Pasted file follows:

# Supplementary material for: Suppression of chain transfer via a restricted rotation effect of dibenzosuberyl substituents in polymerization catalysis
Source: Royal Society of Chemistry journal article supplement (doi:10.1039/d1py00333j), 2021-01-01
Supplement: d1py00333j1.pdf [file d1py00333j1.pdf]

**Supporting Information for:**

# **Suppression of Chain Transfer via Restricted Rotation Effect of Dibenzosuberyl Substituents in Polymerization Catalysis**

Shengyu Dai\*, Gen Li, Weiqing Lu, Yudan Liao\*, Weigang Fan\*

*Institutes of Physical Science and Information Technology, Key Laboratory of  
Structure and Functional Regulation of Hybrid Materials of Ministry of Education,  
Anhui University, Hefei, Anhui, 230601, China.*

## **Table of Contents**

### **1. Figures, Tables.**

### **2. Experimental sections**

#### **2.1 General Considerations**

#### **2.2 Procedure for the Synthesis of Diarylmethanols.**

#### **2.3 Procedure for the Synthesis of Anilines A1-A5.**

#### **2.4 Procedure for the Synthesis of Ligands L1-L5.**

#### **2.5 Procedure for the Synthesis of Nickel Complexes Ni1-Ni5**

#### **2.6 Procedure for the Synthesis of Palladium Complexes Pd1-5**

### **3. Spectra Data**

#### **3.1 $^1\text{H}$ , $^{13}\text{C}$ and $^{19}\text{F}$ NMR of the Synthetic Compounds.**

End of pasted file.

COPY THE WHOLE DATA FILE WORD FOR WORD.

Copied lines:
# Supplementary material for: Suppression of chain transfer via a restricted rotation effect of dibenzosuberyl substituents in polymerization catalysis
Source: Royal Society of Chemistry journal article supplement (doi:10.1039/d1py00333j), 2021-01-01
Supplement: d1py00333j1.pdf [file d1py00333j1.pdf]

**Supporting Information for:**

# **Suppression of Chain Transfer via Restricted Rotation Effect of Dibenzosuberyl Substituents in Polymerization Catalysis**

Shengyu Dai\*, Gen Li, Weiqing Lu, Yudan Liao\*, Weigang Fan\*

*Institutes of Physical Science and Information Technology, Key Laboratory of  
Structure and Functional Regulation of Hybrid Materials of Ministry of Education,  
Anhui University, Hefei, Anhui, 230601, China.*

## **Table of Contents**

### **1. Figures, Tables.**

### **2. Experimental sections**

#### **2.1 General Considerations**

#### **2.2 Procedure for the Synthesis of Diarylmethanols.**

#### **2.3 Procedure for the Synthesis of Anilines A1-A5.**

#### **2.4 Procedure for the Synthesis of Ligands L1-L5.**

#### **2.5 Procedure for the Synthesis of Nickel Complexes Ni1-Ni5**

#### **2.6 Procedure for the Synthesis of Palladium Complexes Pd1-5**

### **3. Spectra Data**

#### **3.1 $^1\text{H}$ , $^{13}\text{C}$ and $^{19}\text{F}$ NMR of the Synthetic Compounds.**